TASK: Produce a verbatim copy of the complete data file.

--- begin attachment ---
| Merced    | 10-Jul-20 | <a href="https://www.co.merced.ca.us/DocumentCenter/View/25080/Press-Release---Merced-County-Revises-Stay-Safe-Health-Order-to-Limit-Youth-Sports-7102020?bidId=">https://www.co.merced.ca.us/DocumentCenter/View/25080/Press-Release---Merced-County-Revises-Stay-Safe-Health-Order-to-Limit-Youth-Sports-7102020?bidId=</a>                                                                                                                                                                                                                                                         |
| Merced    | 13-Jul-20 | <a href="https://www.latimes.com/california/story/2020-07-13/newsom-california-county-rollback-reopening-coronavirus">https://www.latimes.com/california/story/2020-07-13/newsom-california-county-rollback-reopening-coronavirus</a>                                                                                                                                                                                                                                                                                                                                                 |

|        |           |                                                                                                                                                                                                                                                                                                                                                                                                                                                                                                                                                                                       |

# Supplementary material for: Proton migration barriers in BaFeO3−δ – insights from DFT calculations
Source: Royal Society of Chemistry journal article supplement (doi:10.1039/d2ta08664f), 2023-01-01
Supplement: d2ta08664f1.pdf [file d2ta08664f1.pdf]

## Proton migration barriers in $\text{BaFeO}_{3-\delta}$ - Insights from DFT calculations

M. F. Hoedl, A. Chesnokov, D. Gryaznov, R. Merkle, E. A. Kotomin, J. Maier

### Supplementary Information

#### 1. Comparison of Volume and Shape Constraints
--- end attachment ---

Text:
| Merced    | 10-Jul-20 | <a href="https://www.co.merced.ca.us/DocumentCenter/View/25080/Press-Release---Merced-County-Revises-Stay-Safe-Health-Order-to-Limit-Youth-Sports-7102020?bidId=">https://www.co.merced.ca.us/DocumentCenter/View/25080/Press-Release---Merced-County-Revises-Stay-Safe-Health-Order-to-Limit-Youth-Sports-7102020?bidId=</a>                                                                                                                                                                                                                                                         |
| Merced    | 13-Jul-20 | <a href="https://www.latimes.com/california/story/2020-07-13/newsom-california-county-rollback-reopening-coronavirus">https://www.latimes.com/california/story/2020-07-13/newsom-california-county-rollback-reopening-coronavirus</a>                                                                                                                                                                                                                                                                                                                                                 |

|        |           |                                                                                                                                                                                                                                                                                                                                                                                                                                                                                                                                                                                       |

# Supplementary material for: Proton migration barriers in BaFeO3−δ – insights from DFT calculations
Source: Royal Society of Chemistry journal article supplement (doi:10.1039/d2ta08664f), 2023-01-01
Supplement: d2ta08664f1.pdf [file d2ta08664f1.pdf]

## Proton migration barriers in $\text{BaFeO}_{3-\delta}$ - Insights from DFT calculations

M. F. Hoedl, A. Chesnokov, D. Gryaznov, R. Merkle, E. A. Kotomin, J. Maier

### Supplementary Information

#### 1. Comparison of Volume and Shape Constraints